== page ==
More recently, Thai intelligence sources confirmed the continued presence of military advisers from China’s People’s Liberation Army in Wa-controlled territory. The current round of PLA-UWSA training began early last year, and includes basic drill instructions and training in specific weapons systems. In the past, the PLA trained Wa fighters in the use of HN5 surface-to-air missiles, which the UWSA first received from China in 2000 and 2001. Sources inside the UWSA confirm that PLA advisers have in recent months helped to improve the UWSA’s command-and-control and communications systems, strategically significant in a potential future conflict with the SPDC.

Militia-mafia joint venture

Thailand-based military analysts monitoring recent developments in the area contend that the new Kunma arms factory is most likely an export-oriented joint venture between the UWSA and Yunnan-based mafia organizations consisting of ex-PLA personnel. By setting up an arms-production facility in Myanmar’s lawless Special Region 2, the location offers the underground organization’s plausible deniability that they are involved in the illicit production and trade in Chinese-designed weapons.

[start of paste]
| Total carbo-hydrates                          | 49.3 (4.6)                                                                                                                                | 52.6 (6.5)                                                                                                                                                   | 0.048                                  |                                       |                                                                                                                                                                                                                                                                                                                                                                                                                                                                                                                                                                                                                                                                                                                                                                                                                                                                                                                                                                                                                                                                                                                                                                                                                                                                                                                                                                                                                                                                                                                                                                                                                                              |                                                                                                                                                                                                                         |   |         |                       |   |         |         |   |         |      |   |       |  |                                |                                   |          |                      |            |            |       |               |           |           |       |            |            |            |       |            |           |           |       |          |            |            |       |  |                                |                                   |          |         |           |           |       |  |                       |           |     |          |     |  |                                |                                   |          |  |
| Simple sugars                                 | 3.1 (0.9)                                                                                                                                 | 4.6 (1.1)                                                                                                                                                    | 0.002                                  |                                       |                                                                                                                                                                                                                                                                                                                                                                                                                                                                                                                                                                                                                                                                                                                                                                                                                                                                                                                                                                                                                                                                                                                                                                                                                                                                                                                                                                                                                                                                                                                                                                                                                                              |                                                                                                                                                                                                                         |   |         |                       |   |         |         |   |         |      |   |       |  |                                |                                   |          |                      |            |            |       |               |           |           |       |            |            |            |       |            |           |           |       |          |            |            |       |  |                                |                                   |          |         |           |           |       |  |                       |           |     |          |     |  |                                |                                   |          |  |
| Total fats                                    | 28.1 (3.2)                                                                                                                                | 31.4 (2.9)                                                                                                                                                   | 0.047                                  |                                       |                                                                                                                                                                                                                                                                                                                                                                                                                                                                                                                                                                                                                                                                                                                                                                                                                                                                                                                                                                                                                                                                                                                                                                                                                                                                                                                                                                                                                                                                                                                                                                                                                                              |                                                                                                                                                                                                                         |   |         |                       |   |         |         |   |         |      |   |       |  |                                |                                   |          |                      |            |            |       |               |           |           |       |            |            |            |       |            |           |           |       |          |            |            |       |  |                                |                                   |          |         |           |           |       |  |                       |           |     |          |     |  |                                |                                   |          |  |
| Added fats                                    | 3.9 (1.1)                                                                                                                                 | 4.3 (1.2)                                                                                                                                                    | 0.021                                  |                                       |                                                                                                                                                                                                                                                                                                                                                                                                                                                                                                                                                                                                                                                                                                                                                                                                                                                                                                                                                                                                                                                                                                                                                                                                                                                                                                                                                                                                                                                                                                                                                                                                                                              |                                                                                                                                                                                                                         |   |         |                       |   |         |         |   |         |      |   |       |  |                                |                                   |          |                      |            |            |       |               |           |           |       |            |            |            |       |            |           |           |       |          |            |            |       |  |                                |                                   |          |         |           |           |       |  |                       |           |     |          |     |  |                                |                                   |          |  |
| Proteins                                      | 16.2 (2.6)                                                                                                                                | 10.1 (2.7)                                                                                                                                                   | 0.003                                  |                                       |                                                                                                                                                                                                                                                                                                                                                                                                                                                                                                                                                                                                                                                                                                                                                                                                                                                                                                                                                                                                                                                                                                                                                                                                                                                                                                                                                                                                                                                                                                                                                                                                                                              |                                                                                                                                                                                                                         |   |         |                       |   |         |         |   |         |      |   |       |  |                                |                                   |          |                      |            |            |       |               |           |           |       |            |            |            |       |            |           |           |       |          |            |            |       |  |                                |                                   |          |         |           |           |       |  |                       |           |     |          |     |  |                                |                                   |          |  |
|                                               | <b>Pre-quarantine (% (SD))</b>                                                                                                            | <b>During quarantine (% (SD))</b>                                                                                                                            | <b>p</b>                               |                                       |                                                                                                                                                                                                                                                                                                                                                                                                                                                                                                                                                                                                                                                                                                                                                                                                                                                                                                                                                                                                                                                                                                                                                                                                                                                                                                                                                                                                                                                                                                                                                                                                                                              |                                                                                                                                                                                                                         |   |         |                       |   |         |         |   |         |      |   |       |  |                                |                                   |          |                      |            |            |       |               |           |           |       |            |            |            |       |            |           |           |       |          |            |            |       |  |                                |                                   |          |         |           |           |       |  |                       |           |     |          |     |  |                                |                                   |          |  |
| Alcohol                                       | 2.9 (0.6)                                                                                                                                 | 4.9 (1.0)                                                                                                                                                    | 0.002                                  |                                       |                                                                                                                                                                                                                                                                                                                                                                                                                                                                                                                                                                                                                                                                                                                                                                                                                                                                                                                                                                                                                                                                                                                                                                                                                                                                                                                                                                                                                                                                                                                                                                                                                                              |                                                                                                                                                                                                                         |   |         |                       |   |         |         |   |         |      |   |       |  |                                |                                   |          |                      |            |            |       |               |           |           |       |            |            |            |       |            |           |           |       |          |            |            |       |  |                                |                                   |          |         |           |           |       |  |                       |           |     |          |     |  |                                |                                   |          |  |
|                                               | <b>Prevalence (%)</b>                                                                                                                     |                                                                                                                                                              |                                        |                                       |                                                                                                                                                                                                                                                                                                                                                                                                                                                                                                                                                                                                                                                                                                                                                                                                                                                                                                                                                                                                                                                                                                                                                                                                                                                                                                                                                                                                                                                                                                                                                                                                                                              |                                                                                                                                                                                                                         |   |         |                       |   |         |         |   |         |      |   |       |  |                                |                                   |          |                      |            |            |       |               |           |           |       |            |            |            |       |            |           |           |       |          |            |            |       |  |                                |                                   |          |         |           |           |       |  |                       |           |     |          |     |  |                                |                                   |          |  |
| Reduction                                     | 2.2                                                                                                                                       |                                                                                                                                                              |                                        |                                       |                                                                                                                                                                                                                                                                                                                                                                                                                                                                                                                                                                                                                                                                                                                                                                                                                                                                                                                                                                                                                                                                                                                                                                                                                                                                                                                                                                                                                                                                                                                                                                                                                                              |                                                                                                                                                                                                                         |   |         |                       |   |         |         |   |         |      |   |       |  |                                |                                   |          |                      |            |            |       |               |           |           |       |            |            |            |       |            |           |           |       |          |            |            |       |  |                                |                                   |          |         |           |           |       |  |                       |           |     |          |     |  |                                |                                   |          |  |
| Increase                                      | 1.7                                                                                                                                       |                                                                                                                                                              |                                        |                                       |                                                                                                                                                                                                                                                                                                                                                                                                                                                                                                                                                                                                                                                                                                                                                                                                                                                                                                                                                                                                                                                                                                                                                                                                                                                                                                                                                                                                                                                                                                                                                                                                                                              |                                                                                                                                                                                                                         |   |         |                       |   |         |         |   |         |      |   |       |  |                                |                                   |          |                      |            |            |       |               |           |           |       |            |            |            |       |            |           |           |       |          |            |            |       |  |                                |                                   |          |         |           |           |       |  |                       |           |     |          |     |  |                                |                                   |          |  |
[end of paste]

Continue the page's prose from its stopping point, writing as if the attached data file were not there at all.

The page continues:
“They can sell to whomever they want in [Myanmar], on China’s black market and elsewhere, and can say China has nothing to do with it,” said a Chiang Mai-based analyst with knowledge of the situation. 

Until now, most of the arms the UWSA sold to other regional insurgent groups were procured through Yunnan’s underground markets, where ex-PLA personnel are known to have sold off munitions stockpiles without Beijing’s approval. These activities intensified in Yunnan in the wake of Beijing’s ambitious modernization campaign for its armed forces, which included strict orders for provincial PLA members to abandon their private business interests, including arms trading.